Emergency Contraception and Medicaid: A State-by-State Analysis and Advocate’s

Executive Summary

This report provides state-by-state analysis and advocacy tools and tips around emergency contraception access in Medicaid.

The Institute for Reproductive Health Access, the National Health Law Program, the National Latina Institute for Reproductive Health Access and Ibis Reproductive Health are pleased to present to the reproductive health advocacy community: Emergency Contraception & Medicaid: A State-by-State Analysis and Advocate?s Toolkit. This toolkit has two purposes. The first is to provide an overview of the range of issues that women on Medicaid currently face in accessing emergency contraception (EC). The second purpose is to identify specific steps that advocates can take at the local level to address barriers that may exist in their state and to lay the groundwork for eventual Medicaid coverage of nonprescription EC. By working together at the state and federal level, we have the potential to greatly increase access to EC for many low-income women. 
In June 2004, the American Society for Emergency Contraception, the Compton Foundation, the John Merck Fund and the Open Society Institute co-hosted an Emergency Contraception Funding Strategy Meeting. During the meeting, advocates from across the country discussed the implications of the U.S. Food and Drug Administration?s rejection of the petition to permit Plan B® emergency contraception to be sold over-the-counter. The FDA?s decision was examined under the lens of the three overarching priorities identified in From Secret To Shelf: How Collaboration is Bringing Emergency Contraception to Women1: educating women about emergency contraception; educating clinicians, pharmacists, policymakers and other stakeholders; and, removing barriers to obtaining the pills within 72 hours after unprotected sex. Eleven priorities emerged from the meeting. Yet, one priority was repeatedly mentioned by national and local advocates as central to ensuring that all women, regardless of income, have access to EC: broadening and deepening state-level advocacy on Medicaid reimbursement. 
In order to elevate this discussion, a diverse group of advocates, researchers and health care professionals was convened to examine Medicaid reimbursement of EC. The Institute for Reproductive Health Access facilitated the first meeting of the EC & Medicaid Working Group in August 2004. The working group, composed of over 20 local and national reproductive health, policy and advocacy groups, identified two overarching areas that required further research: current coverage of Plan B® within state Medicaid programs and the process to add over-the-counter drugs to state Medicaid drug formularies.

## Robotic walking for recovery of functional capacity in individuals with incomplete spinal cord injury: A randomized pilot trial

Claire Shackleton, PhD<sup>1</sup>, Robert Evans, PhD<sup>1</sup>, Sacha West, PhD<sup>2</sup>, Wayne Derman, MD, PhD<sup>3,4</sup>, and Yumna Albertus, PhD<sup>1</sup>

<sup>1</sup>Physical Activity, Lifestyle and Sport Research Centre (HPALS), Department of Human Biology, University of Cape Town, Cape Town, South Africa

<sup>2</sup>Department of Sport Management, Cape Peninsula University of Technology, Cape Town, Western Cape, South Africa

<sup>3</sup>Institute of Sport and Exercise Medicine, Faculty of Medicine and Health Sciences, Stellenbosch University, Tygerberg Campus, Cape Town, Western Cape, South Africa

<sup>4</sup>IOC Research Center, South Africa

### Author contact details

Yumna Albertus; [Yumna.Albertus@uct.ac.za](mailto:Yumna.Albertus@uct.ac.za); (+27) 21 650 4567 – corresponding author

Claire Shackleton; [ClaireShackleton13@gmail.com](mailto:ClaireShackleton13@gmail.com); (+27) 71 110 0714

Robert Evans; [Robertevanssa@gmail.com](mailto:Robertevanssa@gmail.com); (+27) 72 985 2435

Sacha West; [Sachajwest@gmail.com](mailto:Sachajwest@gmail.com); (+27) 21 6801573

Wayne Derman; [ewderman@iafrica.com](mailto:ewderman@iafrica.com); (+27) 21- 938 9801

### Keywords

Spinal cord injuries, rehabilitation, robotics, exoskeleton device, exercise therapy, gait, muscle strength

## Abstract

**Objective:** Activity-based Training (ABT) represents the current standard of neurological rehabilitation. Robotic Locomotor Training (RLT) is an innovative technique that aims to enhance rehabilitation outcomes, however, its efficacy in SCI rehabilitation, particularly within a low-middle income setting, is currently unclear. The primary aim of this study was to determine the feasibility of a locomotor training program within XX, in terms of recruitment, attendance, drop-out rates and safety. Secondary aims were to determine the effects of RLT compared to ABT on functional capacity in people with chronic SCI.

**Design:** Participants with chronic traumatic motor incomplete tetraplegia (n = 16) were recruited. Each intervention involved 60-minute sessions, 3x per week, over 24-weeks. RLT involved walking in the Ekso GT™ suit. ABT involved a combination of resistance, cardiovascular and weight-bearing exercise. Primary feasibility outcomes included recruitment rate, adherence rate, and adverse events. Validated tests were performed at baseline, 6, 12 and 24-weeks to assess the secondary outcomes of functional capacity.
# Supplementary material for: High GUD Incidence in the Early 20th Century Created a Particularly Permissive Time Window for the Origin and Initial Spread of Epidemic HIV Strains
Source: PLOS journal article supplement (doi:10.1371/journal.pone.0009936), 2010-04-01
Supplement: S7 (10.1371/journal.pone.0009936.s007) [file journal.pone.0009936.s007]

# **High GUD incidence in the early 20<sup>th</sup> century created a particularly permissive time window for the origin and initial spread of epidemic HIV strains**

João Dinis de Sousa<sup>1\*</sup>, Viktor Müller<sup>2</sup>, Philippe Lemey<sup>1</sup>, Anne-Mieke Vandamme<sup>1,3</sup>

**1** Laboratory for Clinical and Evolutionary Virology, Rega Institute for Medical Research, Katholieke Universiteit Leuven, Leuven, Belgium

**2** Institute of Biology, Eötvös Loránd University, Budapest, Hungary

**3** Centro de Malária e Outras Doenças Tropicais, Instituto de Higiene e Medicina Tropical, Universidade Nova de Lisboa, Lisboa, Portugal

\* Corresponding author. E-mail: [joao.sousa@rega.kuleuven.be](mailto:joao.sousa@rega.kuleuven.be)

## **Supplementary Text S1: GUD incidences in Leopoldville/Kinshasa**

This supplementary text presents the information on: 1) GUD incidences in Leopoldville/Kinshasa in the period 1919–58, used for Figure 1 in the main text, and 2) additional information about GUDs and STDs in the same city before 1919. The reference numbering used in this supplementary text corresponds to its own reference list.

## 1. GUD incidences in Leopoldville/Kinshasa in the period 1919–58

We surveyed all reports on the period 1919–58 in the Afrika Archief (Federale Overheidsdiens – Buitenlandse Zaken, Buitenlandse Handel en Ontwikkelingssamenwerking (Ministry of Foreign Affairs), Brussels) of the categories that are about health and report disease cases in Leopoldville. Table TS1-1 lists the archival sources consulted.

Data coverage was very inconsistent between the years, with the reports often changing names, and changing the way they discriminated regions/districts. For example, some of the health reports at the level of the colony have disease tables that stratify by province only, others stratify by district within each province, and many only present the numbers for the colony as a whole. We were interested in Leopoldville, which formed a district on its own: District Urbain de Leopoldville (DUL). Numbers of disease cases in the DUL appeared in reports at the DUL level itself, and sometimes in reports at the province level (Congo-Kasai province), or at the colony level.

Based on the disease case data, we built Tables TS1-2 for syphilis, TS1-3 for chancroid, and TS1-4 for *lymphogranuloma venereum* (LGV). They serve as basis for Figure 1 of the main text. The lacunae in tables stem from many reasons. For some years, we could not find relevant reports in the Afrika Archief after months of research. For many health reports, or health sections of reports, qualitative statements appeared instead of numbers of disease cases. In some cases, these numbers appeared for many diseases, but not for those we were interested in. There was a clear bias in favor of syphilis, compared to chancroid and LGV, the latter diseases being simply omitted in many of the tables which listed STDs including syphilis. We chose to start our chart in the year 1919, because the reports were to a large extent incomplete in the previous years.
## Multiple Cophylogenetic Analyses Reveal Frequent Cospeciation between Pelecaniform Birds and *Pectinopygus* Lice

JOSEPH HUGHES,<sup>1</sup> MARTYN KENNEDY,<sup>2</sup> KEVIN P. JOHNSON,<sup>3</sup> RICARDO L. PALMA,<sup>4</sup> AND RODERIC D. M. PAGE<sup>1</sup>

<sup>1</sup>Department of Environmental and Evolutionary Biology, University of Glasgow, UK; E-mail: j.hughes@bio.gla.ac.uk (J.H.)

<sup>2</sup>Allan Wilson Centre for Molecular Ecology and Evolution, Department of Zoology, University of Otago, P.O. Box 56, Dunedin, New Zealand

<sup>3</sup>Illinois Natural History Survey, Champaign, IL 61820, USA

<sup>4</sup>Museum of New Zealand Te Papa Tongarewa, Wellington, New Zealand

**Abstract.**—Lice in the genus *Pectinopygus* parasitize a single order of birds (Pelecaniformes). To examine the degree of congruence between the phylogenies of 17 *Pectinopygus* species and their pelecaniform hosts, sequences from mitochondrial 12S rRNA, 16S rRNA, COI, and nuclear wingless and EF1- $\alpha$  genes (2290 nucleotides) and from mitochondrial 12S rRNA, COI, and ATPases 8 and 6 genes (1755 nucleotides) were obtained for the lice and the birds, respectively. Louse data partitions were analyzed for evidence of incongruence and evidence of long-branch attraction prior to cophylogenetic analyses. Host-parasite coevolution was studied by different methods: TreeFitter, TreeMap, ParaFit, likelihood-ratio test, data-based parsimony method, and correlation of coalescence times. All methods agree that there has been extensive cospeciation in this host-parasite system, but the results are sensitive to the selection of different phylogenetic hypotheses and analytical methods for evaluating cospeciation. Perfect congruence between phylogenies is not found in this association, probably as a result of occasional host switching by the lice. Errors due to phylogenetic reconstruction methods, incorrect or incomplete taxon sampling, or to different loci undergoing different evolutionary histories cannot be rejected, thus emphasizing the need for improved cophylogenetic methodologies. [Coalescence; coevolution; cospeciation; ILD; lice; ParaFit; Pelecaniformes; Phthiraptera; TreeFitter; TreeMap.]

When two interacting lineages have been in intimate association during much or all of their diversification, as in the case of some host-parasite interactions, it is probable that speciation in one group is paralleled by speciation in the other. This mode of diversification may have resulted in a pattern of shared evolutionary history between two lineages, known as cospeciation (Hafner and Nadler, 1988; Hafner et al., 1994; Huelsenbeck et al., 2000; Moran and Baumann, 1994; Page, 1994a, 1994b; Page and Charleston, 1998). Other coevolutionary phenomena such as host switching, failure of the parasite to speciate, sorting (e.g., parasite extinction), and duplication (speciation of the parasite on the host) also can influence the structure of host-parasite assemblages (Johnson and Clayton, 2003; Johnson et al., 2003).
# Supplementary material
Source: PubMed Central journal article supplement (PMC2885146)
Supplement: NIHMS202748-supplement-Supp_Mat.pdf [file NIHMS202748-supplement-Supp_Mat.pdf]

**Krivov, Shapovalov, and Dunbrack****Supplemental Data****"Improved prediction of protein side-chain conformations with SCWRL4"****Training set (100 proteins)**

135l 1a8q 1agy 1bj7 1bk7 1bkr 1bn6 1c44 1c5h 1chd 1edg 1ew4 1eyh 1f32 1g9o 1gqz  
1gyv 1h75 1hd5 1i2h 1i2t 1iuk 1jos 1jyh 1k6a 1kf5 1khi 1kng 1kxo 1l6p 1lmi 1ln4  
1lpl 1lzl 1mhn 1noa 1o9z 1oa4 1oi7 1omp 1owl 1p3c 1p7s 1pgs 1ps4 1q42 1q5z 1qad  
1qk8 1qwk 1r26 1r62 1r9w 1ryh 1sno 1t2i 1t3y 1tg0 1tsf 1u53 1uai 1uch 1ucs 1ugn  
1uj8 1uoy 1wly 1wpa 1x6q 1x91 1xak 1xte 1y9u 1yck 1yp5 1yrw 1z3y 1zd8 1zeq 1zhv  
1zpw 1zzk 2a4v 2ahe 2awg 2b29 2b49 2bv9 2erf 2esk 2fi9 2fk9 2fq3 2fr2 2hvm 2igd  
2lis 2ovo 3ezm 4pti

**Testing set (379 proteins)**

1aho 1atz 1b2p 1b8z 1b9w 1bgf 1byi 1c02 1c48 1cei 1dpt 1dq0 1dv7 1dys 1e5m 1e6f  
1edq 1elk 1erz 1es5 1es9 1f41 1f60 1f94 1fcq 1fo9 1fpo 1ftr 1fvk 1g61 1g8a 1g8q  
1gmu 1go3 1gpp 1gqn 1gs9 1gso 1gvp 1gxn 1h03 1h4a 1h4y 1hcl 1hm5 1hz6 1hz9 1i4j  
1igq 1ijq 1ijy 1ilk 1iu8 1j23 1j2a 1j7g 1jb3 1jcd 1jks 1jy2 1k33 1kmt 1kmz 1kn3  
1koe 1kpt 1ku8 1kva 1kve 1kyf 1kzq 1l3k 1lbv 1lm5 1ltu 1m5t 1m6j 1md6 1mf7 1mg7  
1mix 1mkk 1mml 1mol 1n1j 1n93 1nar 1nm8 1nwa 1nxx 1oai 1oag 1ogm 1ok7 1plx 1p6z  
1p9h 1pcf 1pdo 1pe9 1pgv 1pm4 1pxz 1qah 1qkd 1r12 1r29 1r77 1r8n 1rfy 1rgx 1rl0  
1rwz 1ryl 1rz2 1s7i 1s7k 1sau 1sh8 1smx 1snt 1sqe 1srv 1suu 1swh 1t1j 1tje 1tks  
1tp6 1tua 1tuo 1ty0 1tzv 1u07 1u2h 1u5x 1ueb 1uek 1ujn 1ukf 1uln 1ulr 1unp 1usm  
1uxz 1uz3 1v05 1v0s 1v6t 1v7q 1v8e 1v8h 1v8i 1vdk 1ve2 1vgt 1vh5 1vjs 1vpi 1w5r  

A smaller research subcommittee was formed by staff of the Institute for Reproductive Health Access, Ibis Reproductive Health, the Massachusetts Department of Health, the National Health Law Program and the National Latina Institute for Reproductive Health to address the issue of how women on Medicaid would be affected by the ?dual-label? product being considered for FDA approval, which would maintain the prescription requirement for those under 15 while allowing direct, non-prescription access to women aged 16 and older. Specifically, the subcommittee wanted to explore current Medicaid coverage of nonprescription products, in order to anticipate how a non-prescription or dual-label emergency contraceptive product might be treated by state Medicaid programs. However, rather than reveal the potential obstacles to coverage of non-prescription Plan B®, this research uncovered significant and persistent gaps in coverage of the prescription product. While it is incumbent upon Barr Laboratories, the company that manufactures Plan B®, to ensure that their product is approved for coverage under each state?s Medicaid program, advocates must also initiate and strengthen efforts to improve access to EC for women on Medicaid. 
As this analysis will demonstrate, universal coverage of prescription EC under state Medicaid programs is within reach. A few states do not cover EC under their Medicaid programs, and in some states, it remains unclear whether Medicaid covers EC. In some states that do cover EC, barriers to access, including complex and unnecessary prior authorization requirements and misinformation about EC provided through client hotlines, persist. Undoubtedly, these barriers significantly impact the ability of a population at high risk for unintended pregnancy to access this important prevention method. 

The potential switch from prescription to non-prescription or ?dual-label? status will clearly present new challenges. Many Medicaid programs are not designed to handle ?dual-label? products, or even over-the-counter medications. If women on Medicaid are forced to obtain prescriptions for EC even after it becomes available over-the-counter, as our brief analysis on the topic indicates, they will be effectively excluded from the benefits of a nonprescription product. 
Emergency Contraception & Medicaid: A State-by-State Analysis and Advocate?s Toolkit provides a general overview of prescription drug coverage under Medicaid, specific barriers to EC access, and a look at Medicaid coverage of EC in the 50 states and the District of Columbia as of September 2005. The last section offers steps advocates can take to ensure universal Medicaid coverage of EC, remove barriers where they exist and begin a dialogue to ensure eventual coverage of non-prescription EC.

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